If you are someone who manages a brand (maybe your own), it is important to have a basic understanding of color profiles to assure your brand is represented correctly and consistently. For example, Tiffany’s is known for their very specific powder blue color. And in protection of their brand (like many others), they are feverishly assuring that their colors are spot on every single time across all mediums.This is an outline of color profiles you might run into and what they mean.

Web Based

These color profiles are used exclusively on the web for optimal viewing. You would not want to send your artwork in RGB or HEX because it will come out very differently compared to your color palette intent.

RGB (Red, Green, Blue) – These three colors, red, blue, and green are combined to make every color you see on a screen or on a camera. Each of the three colors in RGB is made up of levels from 0-255. For example, you might see RGB noted as follows: R=255 G=255 B=255, and this would make the color white.

Similarly, you might see HEX (hexadecimal) codes to denote color. It comes in the form of #fcc203. This six-digit combination of numbers and letters is actually shorthand for an RGB color reference.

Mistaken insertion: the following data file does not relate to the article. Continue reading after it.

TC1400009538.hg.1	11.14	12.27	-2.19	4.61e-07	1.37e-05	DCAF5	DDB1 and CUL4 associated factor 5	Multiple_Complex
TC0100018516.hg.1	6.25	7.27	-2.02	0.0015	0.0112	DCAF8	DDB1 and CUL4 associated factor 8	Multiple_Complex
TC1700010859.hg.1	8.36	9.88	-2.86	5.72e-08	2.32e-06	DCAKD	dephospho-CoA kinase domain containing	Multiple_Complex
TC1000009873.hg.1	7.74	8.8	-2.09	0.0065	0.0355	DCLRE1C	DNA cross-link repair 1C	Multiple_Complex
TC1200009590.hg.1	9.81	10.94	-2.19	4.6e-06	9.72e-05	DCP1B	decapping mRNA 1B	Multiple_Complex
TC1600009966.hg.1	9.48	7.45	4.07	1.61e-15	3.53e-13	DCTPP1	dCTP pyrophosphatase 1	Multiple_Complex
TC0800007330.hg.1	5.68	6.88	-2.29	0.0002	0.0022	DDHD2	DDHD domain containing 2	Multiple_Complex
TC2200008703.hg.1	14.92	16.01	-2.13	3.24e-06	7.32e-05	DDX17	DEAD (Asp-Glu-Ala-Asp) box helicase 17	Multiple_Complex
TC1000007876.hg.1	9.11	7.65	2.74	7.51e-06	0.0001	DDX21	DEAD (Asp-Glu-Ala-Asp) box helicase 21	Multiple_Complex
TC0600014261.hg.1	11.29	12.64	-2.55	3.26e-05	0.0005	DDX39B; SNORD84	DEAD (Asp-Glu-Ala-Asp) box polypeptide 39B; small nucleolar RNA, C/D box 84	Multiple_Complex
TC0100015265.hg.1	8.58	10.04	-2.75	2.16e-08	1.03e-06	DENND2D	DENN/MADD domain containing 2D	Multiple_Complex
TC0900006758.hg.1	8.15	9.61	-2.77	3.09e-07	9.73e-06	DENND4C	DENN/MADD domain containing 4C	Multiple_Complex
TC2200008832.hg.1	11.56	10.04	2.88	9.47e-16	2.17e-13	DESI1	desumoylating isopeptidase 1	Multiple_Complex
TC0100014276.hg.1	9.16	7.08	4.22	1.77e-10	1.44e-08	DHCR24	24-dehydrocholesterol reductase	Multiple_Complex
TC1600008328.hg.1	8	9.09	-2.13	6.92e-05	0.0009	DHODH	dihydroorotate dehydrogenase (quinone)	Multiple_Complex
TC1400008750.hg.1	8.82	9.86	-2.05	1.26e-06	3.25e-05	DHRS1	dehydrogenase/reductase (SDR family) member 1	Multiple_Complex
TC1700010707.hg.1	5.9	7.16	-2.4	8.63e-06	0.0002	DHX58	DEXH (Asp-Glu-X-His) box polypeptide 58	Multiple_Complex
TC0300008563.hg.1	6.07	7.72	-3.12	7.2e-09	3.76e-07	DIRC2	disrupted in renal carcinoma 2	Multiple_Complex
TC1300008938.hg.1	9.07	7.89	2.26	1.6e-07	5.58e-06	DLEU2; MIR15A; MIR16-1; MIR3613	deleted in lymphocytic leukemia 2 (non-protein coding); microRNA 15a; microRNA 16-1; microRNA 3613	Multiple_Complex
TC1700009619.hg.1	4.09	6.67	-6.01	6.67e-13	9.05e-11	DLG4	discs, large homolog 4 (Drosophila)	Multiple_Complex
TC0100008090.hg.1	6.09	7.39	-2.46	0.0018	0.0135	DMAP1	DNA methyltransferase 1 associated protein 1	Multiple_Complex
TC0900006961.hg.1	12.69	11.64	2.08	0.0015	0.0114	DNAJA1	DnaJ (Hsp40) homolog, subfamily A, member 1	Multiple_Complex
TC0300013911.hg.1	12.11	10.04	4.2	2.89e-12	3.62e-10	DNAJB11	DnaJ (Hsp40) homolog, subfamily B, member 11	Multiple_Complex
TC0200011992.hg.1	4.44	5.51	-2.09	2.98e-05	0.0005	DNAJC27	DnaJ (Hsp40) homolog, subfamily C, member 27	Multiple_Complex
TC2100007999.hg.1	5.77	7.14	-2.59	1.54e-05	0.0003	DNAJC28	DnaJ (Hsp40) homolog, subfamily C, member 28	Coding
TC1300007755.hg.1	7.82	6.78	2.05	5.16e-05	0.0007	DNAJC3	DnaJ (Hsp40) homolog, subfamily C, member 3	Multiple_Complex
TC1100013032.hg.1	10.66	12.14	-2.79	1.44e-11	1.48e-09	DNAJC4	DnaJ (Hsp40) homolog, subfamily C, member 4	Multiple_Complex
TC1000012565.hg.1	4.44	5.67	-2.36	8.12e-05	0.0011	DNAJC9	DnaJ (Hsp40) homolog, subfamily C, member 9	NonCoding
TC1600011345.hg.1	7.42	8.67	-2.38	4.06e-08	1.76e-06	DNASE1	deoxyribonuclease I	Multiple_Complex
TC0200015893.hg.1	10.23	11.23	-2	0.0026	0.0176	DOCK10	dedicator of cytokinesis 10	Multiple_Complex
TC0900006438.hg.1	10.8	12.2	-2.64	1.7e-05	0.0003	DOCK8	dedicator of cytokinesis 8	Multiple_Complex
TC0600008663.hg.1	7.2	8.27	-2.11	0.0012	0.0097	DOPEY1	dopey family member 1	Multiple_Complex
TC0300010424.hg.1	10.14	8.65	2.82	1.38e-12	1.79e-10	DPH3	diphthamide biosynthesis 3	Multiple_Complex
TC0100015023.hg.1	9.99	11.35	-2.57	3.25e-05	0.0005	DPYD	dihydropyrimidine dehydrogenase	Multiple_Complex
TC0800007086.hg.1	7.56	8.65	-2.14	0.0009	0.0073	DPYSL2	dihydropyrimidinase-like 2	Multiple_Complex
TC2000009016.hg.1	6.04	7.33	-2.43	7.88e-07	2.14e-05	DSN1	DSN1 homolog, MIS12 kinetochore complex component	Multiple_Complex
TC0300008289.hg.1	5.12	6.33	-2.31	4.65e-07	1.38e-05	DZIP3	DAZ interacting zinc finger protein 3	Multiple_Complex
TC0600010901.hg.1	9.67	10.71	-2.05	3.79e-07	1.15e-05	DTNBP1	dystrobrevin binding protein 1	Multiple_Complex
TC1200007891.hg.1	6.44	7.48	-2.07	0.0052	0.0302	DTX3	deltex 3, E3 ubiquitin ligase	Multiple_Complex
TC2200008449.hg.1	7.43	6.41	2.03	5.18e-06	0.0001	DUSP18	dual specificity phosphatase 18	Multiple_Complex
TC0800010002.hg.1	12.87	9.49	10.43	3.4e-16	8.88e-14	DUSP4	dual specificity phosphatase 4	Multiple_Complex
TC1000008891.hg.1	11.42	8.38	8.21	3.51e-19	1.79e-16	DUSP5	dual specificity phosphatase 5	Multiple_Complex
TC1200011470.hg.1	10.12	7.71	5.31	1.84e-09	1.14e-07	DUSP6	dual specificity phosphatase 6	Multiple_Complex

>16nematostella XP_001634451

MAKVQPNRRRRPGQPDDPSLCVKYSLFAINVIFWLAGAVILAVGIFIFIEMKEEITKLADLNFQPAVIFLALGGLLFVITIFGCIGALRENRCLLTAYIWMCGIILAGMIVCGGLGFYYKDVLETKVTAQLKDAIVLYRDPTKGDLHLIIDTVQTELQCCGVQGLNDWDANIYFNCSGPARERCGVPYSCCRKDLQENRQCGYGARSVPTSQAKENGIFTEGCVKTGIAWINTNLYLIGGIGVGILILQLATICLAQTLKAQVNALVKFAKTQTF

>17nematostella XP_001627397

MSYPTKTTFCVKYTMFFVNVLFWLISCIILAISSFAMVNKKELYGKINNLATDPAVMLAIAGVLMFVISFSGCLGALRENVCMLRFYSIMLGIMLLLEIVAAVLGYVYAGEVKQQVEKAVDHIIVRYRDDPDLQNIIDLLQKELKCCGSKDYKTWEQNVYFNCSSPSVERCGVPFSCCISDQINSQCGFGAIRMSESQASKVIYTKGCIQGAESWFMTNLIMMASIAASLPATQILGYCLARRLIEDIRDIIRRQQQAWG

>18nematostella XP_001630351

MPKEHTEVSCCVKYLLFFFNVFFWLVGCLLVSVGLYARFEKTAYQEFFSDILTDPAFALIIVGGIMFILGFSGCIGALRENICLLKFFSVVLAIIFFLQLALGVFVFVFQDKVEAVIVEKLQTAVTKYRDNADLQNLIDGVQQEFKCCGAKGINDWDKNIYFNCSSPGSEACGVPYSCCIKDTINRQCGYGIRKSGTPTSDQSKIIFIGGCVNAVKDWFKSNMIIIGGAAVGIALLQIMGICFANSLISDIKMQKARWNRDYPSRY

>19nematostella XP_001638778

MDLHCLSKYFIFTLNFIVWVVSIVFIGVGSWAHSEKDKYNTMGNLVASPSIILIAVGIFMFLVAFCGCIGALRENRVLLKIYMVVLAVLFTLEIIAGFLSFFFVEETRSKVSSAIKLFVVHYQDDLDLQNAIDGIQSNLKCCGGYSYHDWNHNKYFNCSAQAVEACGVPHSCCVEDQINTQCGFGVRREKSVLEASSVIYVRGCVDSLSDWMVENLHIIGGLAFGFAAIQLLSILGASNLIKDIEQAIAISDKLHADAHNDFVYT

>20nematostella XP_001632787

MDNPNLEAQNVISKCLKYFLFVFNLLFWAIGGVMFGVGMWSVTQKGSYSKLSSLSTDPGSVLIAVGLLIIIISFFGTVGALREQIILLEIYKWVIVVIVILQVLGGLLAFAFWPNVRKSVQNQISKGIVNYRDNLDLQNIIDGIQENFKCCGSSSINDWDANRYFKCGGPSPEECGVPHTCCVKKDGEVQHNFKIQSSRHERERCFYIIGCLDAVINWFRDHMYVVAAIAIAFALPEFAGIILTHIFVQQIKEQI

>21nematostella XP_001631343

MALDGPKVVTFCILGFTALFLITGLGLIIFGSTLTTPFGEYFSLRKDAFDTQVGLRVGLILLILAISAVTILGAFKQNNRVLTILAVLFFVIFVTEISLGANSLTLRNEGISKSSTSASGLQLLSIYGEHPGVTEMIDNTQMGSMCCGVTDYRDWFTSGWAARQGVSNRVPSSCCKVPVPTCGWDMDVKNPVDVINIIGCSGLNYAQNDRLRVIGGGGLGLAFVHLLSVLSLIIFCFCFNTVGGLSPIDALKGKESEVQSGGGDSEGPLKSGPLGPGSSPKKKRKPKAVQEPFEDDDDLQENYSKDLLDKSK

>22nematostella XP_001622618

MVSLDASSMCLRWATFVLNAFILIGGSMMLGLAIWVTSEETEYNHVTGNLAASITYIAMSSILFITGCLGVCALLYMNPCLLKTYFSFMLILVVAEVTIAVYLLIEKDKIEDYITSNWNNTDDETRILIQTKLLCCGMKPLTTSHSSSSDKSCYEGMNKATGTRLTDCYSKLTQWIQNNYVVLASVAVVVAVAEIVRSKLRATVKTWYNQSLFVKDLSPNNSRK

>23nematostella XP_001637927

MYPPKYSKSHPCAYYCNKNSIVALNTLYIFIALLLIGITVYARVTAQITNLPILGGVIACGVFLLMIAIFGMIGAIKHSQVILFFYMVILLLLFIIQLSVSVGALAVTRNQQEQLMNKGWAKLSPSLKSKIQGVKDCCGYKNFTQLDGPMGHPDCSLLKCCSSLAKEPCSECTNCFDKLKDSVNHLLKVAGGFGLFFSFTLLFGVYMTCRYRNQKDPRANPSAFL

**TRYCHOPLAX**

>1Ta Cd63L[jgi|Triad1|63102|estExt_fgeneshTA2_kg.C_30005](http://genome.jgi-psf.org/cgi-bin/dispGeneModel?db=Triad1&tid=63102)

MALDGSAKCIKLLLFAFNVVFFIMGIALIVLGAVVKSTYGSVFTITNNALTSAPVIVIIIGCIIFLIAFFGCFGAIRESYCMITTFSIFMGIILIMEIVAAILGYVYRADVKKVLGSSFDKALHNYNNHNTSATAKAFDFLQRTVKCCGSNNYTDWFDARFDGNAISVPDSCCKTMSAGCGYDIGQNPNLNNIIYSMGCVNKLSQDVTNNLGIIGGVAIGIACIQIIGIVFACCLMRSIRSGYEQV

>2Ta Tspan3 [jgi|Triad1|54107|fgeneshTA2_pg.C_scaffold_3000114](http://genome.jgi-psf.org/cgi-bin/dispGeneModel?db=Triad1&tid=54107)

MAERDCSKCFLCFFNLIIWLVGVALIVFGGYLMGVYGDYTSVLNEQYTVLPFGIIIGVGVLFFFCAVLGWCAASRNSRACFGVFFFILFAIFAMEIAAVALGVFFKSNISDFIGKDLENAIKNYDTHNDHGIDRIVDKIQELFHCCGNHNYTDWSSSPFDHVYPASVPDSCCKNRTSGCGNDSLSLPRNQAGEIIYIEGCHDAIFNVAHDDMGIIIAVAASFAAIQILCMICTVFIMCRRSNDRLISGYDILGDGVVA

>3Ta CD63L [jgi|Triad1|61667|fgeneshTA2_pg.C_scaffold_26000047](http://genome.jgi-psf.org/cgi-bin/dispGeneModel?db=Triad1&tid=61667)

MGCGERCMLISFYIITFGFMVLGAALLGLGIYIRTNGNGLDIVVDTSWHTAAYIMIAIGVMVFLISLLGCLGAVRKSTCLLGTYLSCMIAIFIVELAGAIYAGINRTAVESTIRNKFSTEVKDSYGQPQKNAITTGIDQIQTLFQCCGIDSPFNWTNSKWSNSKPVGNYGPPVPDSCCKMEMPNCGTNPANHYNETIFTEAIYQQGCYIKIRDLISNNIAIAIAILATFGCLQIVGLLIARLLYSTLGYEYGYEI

Print Based

These color profiles are used exclusively in print for optimal viewing. It’s not recommended to use the CMYK in any digital space because it will come out very differently compared to your color palette intent.

CMYK (Cyan, Magenta, Yellow, Black)  – This is a four-color print method. You might be familiar with it if your at-home or company printer used ink cartridges. You will see that your digital printers print in CMYK like traditional printing presses do. Each color is printed in a percentage value one layer at a time until all four are completed and you have the full-color artwork. Knowing your CMYK values and making sure the printer hits those profiles are going to assure the most consistent color representation every single time.

Similarly, Pantone Matching System (PMS) are patented, standardized color inks made by Pantone. They use various mixes of CMYK  and is known for the consistency of their precise blends. Unfortunately, PMS can only be used for offset printing and not digital printing, which is very common today. In order to print a PMS color digitally, you will need the CMYK conversion.

Once you have an understanding of how color is displayed in each format, you can ensure that your brand is represented as you envisioned.  I work closely with all of my clients to find intentional color palettes to enhance the impact of their brand and the share the color details to assure the brand’s consistency.

Featured Image Credit: Steve Johnson from Pexels

 

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